But it has become increasingly common for people, even otherwise numerate analysts, to write as if it can.
Consider a recent instance. In the Spring 2014 issue of Regulation, Sam Batkins and Mitch Boynton discuss a case in which an estimate of a regulatory cost fell from $672 million to $89 million. That's a drop of 87 percent.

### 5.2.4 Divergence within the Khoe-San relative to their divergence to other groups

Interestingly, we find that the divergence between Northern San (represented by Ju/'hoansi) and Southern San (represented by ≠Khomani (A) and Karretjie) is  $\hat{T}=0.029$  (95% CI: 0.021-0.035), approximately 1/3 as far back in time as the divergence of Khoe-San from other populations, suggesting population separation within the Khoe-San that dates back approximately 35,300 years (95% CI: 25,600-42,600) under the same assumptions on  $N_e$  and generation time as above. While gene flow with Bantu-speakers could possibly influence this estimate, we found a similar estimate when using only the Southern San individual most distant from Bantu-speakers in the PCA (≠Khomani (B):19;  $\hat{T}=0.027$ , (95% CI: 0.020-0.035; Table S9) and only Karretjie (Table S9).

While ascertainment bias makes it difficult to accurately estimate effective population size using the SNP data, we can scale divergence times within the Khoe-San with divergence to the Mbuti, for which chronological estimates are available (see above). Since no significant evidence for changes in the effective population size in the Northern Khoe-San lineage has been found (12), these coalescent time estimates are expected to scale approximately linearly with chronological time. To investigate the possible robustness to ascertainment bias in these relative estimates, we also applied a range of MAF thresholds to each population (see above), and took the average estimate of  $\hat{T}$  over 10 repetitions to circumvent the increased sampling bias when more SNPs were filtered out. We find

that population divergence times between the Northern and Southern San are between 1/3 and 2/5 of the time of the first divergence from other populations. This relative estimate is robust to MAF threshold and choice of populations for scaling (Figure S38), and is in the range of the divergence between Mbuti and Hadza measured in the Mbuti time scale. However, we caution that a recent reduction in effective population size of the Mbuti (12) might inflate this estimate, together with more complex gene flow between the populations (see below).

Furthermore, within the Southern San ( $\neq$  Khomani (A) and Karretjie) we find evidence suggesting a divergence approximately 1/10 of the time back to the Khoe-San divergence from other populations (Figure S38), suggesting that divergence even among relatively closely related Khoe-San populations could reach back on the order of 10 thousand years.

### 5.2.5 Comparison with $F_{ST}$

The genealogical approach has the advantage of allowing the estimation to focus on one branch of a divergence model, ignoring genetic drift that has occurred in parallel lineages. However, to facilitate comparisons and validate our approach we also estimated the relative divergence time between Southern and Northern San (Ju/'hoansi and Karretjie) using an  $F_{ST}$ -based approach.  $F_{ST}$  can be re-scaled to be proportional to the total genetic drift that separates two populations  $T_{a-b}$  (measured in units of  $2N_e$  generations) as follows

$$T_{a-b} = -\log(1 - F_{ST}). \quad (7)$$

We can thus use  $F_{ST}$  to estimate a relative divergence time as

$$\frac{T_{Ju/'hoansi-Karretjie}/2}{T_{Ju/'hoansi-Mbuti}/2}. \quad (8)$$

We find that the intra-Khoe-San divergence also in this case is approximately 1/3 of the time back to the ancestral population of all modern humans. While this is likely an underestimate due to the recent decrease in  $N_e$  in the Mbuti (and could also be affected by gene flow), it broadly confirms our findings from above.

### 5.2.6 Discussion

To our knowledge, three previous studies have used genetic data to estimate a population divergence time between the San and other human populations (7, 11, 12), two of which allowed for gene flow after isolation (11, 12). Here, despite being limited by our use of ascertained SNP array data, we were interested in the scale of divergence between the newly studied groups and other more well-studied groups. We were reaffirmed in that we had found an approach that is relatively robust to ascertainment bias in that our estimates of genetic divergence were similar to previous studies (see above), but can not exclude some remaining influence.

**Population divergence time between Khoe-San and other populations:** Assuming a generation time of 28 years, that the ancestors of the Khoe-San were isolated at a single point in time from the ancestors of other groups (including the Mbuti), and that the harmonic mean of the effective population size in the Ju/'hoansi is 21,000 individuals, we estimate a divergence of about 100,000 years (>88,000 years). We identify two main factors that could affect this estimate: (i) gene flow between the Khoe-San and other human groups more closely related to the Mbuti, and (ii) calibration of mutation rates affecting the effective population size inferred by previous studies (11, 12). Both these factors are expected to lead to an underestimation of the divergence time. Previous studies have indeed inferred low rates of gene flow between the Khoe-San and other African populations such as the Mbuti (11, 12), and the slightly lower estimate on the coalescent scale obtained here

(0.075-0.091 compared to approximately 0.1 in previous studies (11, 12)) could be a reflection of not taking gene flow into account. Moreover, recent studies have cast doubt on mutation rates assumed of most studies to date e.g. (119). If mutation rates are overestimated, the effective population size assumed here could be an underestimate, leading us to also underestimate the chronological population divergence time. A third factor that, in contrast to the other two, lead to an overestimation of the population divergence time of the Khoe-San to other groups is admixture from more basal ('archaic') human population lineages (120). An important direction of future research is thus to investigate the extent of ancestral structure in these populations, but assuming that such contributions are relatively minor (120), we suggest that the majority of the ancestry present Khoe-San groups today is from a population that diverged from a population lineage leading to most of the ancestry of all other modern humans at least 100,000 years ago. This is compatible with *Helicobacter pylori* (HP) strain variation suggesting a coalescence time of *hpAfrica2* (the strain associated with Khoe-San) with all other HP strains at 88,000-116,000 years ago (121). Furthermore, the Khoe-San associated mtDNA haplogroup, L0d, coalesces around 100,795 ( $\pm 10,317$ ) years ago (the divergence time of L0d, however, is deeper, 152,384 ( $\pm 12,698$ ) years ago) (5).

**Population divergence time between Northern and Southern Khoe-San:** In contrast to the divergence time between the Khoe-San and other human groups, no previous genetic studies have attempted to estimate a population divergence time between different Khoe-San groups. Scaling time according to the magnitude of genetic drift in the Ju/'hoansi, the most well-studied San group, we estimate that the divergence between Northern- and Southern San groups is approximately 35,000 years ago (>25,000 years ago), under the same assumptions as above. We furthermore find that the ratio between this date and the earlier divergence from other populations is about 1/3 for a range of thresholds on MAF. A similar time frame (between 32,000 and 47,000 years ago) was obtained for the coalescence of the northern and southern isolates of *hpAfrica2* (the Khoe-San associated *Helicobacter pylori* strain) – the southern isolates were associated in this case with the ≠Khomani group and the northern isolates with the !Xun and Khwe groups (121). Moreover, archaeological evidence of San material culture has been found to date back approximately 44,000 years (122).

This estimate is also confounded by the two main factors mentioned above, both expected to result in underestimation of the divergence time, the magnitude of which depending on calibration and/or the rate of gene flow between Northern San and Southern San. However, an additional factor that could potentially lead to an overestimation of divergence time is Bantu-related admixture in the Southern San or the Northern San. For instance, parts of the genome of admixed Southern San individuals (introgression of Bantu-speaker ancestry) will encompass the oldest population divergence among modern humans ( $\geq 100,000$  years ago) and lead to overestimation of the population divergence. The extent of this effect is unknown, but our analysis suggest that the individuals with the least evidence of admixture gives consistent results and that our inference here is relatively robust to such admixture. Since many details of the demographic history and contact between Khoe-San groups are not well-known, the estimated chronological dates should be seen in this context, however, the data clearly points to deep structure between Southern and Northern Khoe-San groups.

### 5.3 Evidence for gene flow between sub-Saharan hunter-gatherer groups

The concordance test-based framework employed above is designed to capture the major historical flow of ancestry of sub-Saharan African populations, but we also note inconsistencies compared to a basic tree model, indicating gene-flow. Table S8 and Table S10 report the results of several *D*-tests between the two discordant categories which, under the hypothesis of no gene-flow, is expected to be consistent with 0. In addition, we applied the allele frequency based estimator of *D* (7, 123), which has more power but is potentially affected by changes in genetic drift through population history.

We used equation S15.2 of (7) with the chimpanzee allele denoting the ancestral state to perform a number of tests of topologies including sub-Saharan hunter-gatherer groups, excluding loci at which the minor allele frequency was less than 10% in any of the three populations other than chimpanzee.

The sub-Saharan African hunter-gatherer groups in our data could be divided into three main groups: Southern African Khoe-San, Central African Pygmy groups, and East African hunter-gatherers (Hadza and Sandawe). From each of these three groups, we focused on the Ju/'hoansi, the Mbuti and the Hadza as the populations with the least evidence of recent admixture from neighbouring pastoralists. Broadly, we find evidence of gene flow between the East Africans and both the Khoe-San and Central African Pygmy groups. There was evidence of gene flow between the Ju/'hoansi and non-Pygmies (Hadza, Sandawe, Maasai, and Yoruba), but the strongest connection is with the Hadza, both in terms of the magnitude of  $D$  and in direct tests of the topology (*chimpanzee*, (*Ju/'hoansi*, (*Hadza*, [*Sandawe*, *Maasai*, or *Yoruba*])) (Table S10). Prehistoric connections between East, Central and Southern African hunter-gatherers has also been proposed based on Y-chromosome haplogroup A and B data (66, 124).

But that's not what they wrote. They call this "a 750 percent drop in costs." How did they get that? It looks as if they take the drop as a percent, not of the number from which it dropped, but of the number to which it dropped. The drop was $583 million. That's 655 percent of the number it dropped to. Then, for some reason, they add another approximately 100 percentage points.